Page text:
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Can still be a “regular casual” with “irregular” hours

Casual work hours were counted in order to lodge a claim of unfair dismissal.
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Can still be a “regular casual” with “irregular” hours

Can still be a “regular casual” with “irregular” hours

24 November 2020

By Mike Toten

A hospitality worker has had her period of casual work counted towards length of service for the purpose of eligibility to lodge a claim of unfair dismissal, despite there being wide fluctuations in the number and timing of hours worked as a casual. The employee was permanent when dismissed, but for most of the time with her employer had been a casual. The case interpreted the meaning of “regular and systematic” casual employment.

Facts of case

The woman had been a casual food and beverage attendant at a hotel for about 11 months, then a permanent employee for about three months before being dismissed.
The Fair Work Commission (FWC) rejected her claim of unfair dismissal on the basis that she had not worked the minimum six-month qualifying period to be eligible. In doing so, it disregarded her entire period of casual work. It found that because of the wide variation in work patterns, she had not established a pattern of regular and systematic employment. Also, the hotel had specifically stated that she could not expect regular and systematic casual work, which had influenced her decision to accept an offer of permanent employment. The woman then appealed to a Full Bench of the FWC.
The Full Bench referred to previous similar decisions, which had established that (to be eligible to claim) work shifts only had to be regular, but the actual pattern of hours did not need to be regular, consistent or predictable, nor assured.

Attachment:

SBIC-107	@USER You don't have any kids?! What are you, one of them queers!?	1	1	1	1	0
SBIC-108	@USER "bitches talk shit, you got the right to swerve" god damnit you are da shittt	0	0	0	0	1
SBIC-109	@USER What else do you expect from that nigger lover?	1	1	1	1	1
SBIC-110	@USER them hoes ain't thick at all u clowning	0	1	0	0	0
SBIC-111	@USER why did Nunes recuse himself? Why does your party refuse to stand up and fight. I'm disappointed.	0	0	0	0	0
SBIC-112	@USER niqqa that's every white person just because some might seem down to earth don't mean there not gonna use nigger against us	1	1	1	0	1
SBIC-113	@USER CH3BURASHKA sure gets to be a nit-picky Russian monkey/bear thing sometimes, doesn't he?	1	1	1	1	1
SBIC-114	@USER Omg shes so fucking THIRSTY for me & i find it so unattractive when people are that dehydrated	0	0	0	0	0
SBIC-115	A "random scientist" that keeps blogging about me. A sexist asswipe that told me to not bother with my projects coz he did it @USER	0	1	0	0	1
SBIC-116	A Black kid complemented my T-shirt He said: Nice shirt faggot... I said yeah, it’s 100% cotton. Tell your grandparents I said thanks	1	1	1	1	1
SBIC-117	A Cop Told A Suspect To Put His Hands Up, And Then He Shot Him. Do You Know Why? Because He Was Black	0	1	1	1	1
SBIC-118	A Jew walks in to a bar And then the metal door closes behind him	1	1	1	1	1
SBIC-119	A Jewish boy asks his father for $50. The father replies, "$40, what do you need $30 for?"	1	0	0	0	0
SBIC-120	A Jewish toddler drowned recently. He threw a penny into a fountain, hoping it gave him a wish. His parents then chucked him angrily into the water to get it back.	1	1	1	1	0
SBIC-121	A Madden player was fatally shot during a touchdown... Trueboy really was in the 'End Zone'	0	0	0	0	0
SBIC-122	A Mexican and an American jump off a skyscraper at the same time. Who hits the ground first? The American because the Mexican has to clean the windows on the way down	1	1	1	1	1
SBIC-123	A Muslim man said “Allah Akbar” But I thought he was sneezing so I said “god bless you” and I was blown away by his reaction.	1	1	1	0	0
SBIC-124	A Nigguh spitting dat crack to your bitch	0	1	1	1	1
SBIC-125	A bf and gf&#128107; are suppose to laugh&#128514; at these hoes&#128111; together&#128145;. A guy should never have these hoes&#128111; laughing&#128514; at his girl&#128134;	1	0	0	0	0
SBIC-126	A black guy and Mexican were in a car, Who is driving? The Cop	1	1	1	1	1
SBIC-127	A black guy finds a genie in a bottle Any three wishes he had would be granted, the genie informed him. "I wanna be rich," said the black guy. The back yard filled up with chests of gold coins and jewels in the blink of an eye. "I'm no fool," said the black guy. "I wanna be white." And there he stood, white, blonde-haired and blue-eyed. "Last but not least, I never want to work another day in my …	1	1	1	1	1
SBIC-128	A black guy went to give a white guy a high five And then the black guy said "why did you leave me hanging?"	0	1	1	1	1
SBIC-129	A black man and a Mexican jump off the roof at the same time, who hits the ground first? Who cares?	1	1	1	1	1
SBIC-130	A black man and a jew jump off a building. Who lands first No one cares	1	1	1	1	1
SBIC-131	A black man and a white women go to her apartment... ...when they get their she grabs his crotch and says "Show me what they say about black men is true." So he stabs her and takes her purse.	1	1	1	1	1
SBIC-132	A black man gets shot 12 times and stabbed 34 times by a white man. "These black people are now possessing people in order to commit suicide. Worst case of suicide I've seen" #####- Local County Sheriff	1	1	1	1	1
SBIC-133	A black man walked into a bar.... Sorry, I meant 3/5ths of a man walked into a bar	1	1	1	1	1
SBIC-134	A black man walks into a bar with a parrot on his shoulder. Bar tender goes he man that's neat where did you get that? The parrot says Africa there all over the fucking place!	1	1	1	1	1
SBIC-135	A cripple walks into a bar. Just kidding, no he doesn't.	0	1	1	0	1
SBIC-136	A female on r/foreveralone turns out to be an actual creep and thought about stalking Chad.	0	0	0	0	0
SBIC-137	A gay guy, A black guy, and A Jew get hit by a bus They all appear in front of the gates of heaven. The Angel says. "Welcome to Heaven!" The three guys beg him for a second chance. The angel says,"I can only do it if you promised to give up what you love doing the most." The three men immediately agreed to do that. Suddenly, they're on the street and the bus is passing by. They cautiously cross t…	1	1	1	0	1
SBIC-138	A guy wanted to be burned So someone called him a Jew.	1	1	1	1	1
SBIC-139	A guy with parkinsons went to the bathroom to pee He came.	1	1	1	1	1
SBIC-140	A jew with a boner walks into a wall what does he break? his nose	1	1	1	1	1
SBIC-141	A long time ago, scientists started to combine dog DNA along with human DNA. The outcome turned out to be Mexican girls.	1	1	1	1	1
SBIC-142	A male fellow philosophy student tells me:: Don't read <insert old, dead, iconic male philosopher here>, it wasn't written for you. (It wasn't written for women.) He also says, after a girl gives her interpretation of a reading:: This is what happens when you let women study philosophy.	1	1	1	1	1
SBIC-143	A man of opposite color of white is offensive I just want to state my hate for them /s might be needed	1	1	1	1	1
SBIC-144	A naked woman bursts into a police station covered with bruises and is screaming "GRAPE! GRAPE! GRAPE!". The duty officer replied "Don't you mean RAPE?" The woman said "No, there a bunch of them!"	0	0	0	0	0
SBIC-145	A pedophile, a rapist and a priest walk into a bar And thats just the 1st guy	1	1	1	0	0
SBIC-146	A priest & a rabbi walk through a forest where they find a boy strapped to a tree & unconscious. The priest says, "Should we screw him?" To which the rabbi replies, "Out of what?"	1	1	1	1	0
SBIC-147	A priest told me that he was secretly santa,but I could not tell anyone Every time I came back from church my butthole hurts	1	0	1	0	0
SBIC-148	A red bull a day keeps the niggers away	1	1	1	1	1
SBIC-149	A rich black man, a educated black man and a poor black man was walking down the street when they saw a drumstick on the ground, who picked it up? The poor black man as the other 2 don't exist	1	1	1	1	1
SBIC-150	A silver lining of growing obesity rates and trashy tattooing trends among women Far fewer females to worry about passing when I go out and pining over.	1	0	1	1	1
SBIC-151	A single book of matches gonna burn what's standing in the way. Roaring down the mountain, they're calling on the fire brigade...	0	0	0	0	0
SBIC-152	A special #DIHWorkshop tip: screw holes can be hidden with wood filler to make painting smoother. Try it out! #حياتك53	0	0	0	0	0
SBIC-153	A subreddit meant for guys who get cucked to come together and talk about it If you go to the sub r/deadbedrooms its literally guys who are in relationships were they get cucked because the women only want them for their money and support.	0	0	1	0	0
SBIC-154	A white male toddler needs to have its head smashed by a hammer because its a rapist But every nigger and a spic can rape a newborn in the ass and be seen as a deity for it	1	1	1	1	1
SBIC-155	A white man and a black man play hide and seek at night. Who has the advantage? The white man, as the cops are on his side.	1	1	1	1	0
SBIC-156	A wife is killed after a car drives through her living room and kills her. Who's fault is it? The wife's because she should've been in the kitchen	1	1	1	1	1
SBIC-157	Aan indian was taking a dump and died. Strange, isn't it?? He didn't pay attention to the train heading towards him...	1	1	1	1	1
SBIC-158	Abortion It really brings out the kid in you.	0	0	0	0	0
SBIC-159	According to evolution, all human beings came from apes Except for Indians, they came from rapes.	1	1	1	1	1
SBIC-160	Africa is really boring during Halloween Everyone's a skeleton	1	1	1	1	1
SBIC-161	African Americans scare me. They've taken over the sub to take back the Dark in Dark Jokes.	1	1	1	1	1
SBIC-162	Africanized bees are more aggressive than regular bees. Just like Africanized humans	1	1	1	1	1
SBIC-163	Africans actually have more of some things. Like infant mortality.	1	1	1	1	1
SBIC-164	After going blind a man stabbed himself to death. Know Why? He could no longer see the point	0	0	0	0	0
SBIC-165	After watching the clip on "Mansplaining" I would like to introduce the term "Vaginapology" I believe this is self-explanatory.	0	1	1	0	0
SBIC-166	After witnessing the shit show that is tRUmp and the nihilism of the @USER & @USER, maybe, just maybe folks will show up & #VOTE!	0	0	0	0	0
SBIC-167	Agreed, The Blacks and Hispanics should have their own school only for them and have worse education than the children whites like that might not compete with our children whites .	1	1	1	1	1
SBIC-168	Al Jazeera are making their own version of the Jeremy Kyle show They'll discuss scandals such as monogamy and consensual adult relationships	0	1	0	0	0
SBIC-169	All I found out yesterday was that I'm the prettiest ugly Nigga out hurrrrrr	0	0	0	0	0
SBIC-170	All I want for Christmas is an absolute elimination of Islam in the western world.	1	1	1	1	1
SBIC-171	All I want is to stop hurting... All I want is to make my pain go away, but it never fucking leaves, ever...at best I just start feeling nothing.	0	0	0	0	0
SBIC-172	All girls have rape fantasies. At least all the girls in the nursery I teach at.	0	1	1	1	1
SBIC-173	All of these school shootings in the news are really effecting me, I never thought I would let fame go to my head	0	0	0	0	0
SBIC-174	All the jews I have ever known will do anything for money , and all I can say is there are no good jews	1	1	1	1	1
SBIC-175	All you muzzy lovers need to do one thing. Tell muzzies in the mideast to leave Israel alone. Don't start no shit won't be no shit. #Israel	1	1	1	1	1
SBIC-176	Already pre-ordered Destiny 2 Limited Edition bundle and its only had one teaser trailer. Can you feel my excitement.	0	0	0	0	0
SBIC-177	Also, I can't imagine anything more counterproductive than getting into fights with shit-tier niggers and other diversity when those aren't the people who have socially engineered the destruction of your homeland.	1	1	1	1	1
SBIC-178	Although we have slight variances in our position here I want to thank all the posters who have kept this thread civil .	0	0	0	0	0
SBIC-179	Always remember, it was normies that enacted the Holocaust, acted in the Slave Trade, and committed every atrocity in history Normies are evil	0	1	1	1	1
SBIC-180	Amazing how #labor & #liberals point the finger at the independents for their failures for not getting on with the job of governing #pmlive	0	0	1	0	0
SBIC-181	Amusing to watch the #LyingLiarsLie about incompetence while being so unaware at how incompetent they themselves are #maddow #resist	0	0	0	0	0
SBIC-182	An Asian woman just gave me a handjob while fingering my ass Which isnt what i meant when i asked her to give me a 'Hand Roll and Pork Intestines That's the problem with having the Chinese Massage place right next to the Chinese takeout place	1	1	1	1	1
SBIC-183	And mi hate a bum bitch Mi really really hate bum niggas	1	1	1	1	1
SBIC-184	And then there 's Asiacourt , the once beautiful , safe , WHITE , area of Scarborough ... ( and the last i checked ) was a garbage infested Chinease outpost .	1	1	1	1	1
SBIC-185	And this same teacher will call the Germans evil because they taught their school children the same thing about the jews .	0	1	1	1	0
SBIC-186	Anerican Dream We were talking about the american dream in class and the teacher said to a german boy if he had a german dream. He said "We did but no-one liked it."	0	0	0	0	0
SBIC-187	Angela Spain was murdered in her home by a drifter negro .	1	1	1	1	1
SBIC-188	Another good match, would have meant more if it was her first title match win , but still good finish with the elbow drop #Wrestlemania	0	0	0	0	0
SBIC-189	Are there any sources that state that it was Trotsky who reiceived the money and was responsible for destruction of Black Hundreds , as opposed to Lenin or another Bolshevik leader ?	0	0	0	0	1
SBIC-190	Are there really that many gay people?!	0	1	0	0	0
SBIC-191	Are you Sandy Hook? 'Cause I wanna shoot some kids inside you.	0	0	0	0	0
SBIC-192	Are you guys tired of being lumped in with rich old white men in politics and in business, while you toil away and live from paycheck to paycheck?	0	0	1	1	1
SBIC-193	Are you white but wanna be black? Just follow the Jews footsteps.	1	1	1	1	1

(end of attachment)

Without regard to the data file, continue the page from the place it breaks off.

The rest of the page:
In this case, the woman had consistently worked an average of 36 hours per week as a casual, which met the definition of “regular”. Most of those hours were allocated via a roster compiled after consultation with her. Being able to choose the hours she worked each week from a well-established roster system met the definitions of “systematic” and having a reasonable expectation of continuing employment.
The employee claimed that some of the hours she worked were to cover the absences of other employees who were unavailable, and only those hours were unpredictable. The hotel claimed that during four of the 11 months of her casual employment period, she was unavailable for work, but the employee disputed that.


The Full Bench allowed her claim of unfair dismissal to proceed, overruling the FWC’s rejection of it. As the combined amount of her casual and permanent employment exceeded six months, she was eligible to claim unfair dismissal.
The bottom line: Casual work will be “regular and systematic” for the purposes of counting towards length of service if:
  • It is regularly offered (in this case, every week)
  • An established work roster system is used

If it meets those criteria, it does not have to follow a particular pattern, such as similar shifts or hours each time.
If an employee can choose the hours/shifts to be worked, this makes it more likely that there will be a reasonable expectation of continuing employment.
The above applies regardless of what the employer may have said to the employee about what his/her expectations should be.

Read the judgment

Greene v Floreat Hotel Pty Ltd [2020] FWCFB 6019, 11 November 2020

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